Global Investing

Pakistan, Nigeria, Bulgaria… the cash keeps coming

The frontier markets juggernaut continues. Here’s a great graphic from Bank of America/Merrill Lynch showing the diverging fund flow dynamic into frontier and emerging equity markets.

What it shows, according to BofA/ML  is:

Frontier market funds with year-to-date inflows of $1.5 billion have decoupled from emerging markets ($2.1 billion outflows year-to-date)

In other words, frontier fund inflows since January equate to 44 percent of their assets under management (AUM), the bank says.

In terms of market returns, frontier equities, comprised of some of the most esoteric and supposedly illiquid markets, are up 18 percent this year while MSCI’s broader emerging equity index has lost 9 percent. Some frontier markets such as the UAE, Bulgaria and Pakistan have returned over 50 percent this year in dollar terms. That takes some beating.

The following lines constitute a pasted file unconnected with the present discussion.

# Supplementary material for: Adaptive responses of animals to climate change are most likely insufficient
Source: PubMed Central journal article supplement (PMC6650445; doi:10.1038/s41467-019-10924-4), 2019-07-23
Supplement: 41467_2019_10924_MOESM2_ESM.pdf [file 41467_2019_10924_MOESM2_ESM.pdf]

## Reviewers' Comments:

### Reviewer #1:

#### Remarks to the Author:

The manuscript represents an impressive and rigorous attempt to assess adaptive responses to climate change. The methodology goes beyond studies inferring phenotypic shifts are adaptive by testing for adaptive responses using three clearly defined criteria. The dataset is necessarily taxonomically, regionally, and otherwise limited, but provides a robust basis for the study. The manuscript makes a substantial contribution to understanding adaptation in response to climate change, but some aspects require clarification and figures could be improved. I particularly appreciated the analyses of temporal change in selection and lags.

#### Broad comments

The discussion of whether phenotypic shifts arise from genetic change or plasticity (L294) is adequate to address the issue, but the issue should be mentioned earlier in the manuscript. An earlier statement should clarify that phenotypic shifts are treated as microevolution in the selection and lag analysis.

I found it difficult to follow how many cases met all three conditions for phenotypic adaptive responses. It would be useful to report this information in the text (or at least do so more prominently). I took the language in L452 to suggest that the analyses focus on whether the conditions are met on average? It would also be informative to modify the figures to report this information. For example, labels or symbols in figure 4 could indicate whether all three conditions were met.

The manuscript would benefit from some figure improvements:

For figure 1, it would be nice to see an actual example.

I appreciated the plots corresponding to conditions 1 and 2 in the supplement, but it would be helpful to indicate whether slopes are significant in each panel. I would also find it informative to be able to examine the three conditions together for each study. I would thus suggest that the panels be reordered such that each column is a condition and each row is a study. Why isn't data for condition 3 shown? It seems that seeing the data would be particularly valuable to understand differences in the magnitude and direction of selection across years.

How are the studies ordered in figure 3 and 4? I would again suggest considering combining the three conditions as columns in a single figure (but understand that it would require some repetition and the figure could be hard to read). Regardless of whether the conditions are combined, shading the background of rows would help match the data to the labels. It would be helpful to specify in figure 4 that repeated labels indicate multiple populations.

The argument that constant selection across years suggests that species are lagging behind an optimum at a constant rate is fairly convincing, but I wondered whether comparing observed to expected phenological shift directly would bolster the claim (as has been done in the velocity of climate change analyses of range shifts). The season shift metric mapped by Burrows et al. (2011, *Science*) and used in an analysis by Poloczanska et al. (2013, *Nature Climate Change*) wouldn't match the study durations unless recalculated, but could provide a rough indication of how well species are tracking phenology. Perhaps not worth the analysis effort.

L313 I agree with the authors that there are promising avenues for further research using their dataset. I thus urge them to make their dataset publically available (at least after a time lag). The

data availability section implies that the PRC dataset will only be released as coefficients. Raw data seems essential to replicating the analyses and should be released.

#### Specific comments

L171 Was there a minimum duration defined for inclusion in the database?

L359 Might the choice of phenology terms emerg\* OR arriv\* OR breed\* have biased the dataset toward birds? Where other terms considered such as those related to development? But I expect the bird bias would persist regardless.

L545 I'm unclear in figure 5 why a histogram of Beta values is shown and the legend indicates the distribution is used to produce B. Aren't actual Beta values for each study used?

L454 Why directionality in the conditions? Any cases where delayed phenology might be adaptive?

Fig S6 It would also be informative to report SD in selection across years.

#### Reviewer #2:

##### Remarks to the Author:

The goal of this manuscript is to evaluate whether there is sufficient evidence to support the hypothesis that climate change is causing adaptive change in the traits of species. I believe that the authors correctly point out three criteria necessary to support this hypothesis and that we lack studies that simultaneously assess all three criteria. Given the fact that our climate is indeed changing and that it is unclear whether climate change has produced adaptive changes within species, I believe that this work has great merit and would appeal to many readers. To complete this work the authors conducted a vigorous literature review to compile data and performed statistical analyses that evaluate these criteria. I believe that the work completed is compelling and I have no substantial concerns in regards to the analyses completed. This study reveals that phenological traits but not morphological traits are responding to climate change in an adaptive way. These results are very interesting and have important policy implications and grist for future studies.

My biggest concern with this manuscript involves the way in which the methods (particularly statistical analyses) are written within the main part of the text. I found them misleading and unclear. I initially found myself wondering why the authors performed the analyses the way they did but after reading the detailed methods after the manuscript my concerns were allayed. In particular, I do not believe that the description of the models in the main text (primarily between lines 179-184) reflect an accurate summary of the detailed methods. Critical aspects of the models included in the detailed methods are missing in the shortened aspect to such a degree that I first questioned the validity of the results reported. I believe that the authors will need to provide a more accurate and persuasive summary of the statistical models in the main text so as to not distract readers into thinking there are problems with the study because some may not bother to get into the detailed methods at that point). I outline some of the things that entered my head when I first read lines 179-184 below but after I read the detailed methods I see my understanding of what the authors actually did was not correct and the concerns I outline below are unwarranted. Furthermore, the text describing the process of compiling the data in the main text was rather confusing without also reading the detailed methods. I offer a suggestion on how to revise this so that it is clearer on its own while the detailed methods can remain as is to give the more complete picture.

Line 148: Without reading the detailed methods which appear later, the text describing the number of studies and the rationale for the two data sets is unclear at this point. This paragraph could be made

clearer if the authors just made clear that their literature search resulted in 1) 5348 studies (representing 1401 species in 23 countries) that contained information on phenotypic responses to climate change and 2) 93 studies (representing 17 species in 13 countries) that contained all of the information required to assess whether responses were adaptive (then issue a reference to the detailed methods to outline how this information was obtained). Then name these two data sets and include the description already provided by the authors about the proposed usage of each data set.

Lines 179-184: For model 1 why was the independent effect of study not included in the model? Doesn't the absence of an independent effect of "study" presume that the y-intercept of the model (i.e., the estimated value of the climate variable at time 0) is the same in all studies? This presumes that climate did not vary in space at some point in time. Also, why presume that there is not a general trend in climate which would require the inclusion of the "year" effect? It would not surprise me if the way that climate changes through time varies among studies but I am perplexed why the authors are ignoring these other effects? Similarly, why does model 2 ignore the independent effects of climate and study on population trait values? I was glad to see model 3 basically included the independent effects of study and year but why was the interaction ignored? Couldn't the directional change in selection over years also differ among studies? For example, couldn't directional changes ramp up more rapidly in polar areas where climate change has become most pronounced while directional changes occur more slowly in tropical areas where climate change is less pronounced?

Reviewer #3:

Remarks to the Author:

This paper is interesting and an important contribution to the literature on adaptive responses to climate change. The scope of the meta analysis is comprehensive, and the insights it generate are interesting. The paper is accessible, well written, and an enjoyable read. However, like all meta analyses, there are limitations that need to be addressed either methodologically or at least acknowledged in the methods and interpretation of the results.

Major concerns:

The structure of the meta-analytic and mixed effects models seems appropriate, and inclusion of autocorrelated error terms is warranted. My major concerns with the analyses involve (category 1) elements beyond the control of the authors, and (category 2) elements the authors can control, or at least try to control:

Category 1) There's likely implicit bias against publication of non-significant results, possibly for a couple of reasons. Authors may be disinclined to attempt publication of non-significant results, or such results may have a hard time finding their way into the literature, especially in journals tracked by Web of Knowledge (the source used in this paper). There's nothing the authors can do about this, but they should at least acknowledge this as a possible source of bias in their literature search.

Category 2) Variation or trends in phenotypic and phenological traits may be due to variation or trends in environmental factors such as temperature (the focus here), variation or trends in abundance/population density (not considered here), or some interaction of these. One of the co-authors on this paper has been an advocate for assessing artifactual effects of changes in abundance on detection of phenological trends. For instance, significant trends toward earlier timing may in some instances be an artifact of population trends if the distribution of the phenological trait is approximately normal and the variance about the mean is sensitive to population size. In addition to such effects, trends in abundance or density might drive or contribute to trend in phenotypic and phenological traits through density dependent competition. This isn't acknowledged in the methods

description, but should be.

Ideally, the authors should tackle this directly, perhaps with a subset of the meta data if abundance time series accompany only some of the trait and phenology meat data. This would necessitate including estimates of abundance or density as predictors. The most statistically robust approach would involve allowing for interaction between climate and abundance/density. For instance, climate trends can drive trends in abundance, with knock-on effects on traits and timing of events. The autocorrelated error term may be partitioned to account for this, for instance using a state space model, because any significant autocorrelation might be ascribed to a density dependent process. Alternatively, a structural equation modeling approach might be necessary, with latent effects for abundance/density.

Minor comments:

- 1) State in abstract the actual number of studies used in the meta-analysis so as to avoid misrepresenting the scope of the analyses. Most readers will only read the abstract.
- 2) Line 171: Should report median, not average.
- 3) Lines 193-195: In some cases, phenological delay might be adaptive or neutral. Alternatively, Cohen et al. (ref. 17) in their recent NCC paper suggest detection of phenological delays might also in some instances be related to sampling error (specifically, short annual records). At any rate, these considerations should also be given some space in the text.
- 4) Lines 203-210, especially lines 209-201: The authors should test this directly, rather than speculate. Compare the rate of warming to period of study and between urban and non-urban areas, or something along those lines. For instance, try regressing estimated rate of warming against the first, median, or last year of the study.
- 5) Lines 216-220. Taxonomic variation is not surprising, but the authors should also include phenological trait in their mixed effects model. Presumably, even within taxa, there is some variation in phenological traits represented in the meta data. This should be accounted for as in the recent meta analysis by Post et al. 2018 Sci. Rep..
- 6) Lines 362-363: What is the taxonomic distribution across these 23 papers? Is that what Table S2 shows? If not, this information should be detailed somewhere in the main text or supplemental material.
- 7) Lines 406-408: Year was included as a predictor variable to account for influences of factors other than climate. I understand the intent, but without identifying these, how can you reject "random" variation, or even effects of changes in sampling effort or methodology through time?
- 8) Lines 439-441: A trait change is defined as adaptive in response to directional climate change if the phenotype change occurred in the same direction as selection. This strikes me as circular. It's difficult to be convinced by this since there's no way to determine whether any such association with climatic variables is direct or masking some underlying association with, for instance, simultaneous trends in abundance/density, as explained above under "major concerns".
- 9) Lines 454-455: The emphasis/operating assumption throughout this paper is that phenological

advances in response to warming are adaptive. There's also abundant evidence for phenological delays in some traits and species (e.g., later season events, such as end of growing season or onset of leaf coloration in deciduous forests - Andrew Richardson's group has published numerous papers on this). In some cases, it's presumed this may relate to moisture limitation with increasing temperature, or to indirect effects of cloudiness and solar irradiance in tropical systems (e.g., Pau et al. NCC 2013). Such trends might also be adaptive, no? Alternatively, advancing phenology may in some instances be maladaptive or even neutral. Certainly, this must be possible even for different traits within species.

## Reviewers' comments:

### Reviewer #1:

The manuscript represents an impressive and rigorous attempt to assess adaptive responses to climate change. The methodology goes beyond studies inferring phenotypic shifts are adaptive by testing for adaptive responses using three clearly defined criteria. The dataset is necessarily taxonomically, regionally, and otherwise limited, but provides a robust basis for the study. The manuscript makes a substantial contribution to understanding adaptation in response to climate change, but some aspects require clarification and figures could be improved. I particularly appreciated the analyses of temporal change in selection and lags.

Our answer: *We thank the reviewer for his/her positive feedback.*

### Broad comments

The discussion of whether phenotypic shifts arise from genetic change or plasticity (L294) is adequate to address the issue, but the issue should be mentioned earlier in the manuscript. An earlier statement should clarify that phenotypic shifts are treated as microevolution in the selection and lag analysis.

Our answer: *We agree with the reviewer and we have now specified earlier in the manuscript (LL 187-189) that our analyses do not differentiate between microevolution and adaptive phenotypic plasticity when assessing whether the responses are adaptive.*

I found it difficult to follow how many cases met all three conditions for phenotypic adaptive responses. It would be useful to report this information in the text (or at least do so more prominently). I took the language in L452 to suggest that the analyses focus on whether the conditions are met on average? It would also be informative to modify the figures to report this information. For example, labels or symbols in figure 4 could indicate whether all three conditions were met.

The reasons for the outperformance are known.  (Here’s an excellent piece on this subject by my colleague Carolyn Cohn)  In short, these stocks have attracted those long-haul, adventurous investors who are aware of the risks and are happy to park their money somewhere for a few years. Many of the countries are benefiting from relatively high commodity prices. Unlike in the big emerging economies, listed companies in Kenya or Pakistan tend to be true plays on the emerging market consumer.

Not everyone is “risk off”

Who would have thought it. As fears over the euro zone’s fate, Chinese economic growth and Middle Eastern politics drive investors toward safe-haven U.S. and German bonds, some have apparently been going the other way.  According to JPMorgan, bonds from so-called frontier economies such as Pakistan, Belarus and Jordan (usually considered high-risk assets) have performed exceptionally well, doing far better in fact than their peers from mainstream emerging markets.  The following graphic from JPM which runs the NEXGEM sub-index of frontier debt, shows that returns on many of these bonds are running well into the double digits.